NEAT - Non Exercise Activated Thermogenesis is simply the incidental activity and energy expenditure that we accrue throughout the day. In other words it describes the energy expenditure that accompanies physical activities other than voluntary movements in an exercise program and includes activities of daily living, fidgeting, spontaneous muscle contractions, maintaining posture, standing etc.
Exercise is defined as ‘bodily exertion for the sake of developing and maintaining physical fitness,’ for example, playing golf or working out with your trainer. In contrast, the aim of NEAT strategies is to reduce the amount of sedentary behaviour you may engage in at work or in your leisure time.
Today's world is one where individuals are encouraged to sit more, resulting in a more sedentary lifestyle and a reduced NEAT expenditure and ultimately weight gain. But weight gain is only part of the problem. Chung et al (2018) states that studies have shown that metabolic syndrome, adiposity, poor glucose management and type 2 diabetes risk may be directly related to sitting time and/or to a low level of NEAT. This suggests that sedentary behaviour that does not increase energy expenditure substantially above resting levels, may contribute to disease risk.
NEAT activity can result in a dramatic improvement in a person's overall health by reducing obesity risk factors, including percent body fat, body mass index, cholesterol, the HDL/LDL ratio and blood plasma triglycerides.
To demonstrate the importance of NEAT, if we “walked and worked” for half of the working day and weighed 70Kg we would expand an additional 100 Kcal per hour, which could over a working day translate into 400 Kcal per day, a weekly energy deficit of 2,000 Kcal, a monthly deficit of 8,000 Kcal and weight loss over 12 months of over 13 kilograms!
Occupation and leisure time are the two principal time frames that need to be targeted for promoting individual NEAT. The pandemic has resulted in more of us working from home. This has given many the opportunity to rearrange working environment to encourage greater NEAT. Some examples include:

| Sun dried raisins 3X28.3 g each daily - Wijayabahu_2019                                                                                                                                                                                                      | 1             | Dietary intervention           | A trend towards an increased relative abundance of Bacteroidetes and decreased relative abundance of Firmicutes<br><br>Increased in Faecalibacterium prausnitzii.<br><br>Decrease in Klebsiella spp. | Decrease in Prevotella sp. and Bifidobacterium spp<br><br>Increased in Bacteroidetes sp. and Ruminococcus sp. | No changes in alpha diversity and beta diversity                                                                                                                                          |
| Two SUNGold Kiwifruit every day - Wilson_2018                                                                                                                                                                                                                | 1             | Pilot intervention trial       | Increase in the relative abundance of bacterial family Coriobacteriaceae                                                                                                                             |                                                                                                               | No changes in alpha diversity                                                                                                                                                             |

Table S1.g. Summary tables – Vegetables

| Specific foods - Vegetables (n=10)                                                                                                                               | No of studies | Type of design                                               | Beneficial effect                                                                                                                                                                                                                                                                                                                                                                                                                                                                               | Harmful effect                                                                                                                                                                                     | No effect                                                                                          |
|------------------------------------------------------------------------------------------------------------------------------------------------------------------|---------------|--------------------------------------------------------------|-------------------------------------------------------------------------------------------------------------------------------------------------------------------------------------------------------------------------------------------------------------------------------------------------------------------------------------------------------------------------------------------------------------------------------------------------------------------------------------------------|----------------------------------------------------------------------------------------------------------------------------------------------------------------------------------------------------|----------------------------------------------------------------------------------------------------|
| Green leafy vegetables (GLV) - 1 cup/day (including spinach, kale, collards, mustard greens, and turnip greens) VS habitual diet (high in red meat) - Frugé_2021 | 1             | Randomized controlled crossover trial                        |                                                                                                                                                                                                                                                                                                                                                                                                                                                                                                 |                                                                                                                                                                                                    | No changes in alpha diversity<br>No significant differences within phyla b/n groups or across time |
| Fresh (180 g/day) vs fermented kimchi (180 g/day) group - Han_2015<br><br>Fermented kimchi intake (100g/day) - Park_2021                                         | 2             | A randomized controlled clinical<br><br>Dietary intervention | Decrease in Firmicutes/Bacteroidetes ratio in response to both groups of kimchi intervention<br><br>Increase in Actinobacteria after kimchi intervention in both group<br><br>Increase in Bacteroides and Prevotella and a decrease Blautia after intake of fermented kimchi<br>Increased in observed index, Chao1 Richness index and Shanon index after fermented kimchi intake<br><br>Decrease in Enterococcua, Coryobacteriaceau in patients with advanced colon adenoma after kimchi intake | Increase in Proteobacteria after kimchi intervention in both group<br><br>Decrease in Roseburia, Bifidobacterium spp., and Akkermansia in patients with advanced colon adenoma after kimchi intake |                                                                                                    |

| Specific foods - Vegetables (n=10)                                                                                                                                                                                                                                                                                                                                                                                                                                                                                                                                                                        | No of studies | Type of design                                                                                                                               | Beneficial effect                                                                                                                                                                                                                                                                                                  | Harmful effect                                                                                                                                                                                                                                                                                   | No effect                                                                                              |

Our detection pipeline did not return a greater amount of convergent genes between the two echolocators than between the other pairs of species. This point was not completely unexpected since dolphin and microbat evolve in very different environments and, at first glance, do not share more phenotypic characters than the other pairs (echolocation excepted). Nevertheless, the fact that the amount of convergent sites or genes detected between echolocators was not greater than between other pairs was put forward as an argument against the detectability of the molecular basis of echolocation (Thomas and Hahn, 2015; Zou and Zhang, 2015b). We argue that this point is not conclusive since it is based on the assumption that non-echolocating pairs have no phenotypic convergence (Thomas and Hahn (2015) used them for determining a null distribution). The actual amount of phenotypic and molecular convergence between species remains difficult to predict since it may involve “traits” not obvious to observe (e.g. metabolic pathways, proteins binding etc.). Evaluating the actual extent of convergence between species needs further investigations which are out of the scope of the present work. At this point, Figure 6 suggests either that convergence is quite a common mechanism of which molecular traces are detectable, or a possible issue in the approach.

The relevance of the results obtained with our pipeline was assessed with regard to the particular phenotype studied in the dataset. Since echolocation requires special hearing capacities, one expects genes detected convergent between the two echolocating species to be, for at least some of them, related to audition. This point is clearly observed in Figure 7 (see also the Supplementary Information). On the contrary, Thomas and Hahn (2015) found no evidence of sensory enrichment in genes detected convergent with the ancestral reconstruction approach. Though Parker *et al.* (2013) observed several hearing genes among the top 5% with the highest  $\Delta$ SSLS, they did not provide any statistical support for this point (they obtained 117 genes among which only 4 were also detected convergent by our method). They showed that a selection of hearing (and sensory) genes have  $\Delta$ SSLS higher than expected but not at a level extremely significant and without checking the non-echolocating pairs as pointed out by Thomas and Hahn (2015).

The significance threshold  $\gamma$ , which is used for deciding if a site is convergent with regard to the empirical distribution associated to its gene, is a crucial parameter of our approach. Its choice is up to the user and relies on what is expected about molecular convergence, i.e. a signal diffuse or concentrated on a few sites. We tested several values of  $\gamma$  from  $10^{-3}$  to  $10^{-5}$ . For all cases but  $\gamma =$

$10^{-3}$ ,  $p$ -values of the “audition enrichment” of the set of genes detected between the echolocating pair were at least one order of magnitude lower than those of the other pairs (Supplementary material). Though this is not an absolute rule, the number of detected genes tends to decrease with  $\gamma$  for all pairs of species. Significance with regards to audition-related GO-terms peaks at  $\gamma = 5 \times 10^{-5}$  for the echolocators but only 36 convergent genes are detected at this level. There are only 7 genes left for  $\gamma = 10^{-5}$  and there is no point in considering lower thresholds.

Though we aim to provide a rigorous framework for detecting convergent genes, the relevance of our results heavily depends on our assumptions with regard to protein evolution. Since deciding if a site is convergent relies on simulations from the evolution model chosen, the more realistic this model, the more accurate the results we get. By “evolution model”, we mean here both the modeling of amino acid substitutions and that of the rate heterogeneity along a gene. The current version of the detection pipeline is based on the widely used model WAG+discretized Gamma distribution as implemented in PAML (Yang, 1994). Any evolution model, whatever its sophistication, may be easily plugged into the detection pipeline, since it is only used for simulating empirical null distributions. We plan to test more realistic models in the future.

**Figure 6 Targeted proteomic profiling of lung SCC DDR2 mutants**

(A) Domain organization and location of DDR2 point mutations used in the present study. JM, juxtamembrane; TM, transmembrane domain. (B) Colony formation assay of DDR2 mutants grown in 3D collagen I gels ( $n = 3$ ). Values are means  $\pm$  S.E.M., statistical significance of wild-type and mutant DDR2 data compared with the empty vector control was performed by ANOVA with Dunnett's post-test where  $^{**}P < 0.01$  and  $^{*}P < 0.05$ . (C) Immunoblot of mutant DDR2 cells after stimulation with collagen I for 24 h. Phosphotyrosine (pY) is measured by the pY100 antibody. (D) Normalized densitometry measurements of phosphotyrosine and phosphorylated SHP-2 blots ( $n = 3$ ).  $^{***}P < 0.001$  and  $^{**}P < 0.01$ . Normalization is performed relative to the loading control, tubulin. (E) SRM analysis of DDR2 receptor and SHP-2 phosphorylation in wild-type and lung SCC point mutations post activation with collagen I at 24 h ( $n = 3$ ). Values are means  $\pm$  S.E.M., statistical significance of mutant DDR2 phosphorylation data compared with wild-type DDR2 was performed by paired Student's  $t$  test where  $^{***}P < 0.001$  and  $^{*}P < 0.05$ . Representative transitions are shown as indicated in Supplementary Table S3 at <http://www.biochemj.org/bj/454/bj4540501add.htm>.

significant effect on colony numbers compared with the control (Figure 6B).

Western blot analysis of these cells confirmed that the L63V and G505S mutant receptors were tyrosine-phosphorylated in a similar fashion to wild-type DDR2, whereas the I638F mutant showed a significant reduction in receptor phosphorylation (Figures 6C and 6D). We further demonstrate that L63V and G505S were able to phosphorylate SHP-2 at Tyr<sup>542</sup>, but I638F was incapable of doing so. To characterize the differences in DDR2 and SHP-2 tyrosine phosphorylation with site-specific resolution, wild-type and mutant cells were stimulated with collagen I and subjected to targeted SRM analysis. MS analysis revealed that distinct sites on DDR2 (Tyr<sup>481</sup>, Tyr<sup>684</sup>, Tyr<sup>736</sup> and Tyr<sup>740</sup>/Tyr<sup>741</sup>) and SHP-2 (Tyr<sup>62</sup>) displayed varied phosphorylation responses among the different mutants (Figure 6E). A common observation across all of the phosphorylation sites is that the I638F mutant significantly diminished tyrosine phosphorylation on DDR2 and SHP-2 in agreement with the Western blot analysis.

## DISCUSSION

Stand instead of sitting whenever possible e.g. stand while talking on the phone and use a standing desk.
Set a notice on a computer or watch for every hour to get up and do something. Walk to the bathroom, grab a drink of water and then do 10 squats!
Change positions often. Stretch through out the day.
Conduct walk and talk or standing meetings.
Take a walking lunch break, walk to the store, run errands.
Then there is the activity we may or may not engage in at home. So much of our modern lifestyle has been about convenience and saving time. But this can come at a cost to our NEAT. Try these strategies:
Instead of online shopping…. Walk to the shop.
Instead of take away meals or delivery…. Cook dinner.
Instead of employing a cleaner… Vacuum, clean, dust, mop, sweep.
Instead of using the car wash…. Wash the car manually.
Instead of employing a gardener…. Garden and mow lawn manually.
Instead of using a dog walker… Walk the dog.
Instead of using the watering system…. Water plants by hand.
Simply find more opportunities to move both at home and at work!
And what about leisure? Today many of us spend hours on end watching Netflix, sitting and spending time on multiple screens, checking in on social media or surfing the web. This sitting or reclined behaviour comes at a great cost to our NEAT and health.
Instead of catching up for a social coffee or drink… Try a social walk instead.
Instead of reading on the couch… Try walking and listen to an audio book.
Instead of watching TV or surfing on your I Pad…. Enjoy screen time on a stationary cycle or treadmill.
Instead of sitting…. Just stand and do the above
One useful way of tracking NEAT is through the use of a pedometer or wearable technology that logs steps. “Normal healthy active adults” generally walk between 7,000-13,000 steps per day. Children are reported to walk 11,000- 13,000 steps per day. Unfortunately, there are some sedentary people that do not even walk 2,000 steps!
In a study conducted in Japan a group of diabetic subjects who completed 19,000 steps per day lost on average 7.7kg over a 6-8-week period compared to 4kg lost by subjects who dieted only and averaged approximately 4,000 steps a day.
So what’s in 10,000 steps?
For adults 10,000 steps approximate to a distance of about 8 km and has the potential to burn between 300-400 kcal depending on body size.
The 10,000 steps should be included with or within your incidental and active living activities. The duration for 10,000 steps to be completed is generally between 60-100 minutes depending on the speed of the steps.
For the intensity to be classified as “moderate intensity” it is recommended that we walk at a 100 steps per minute. This translates into approximately 1,000 steps per 10 minutes, which has a moderate metabolic equivalent or at an approximate speed of 5 km/ hour.
In conclusion, we need to treat movement as an opportunity rather than an inconvenience. We need to create an environment for constant postural change from sitting to standing to walking to sitting. By doing so, creating breaks and minimizing sitting time can have benefits: To our weight, metabolic health and reducing postural complaints associated with sedentary lifestyle.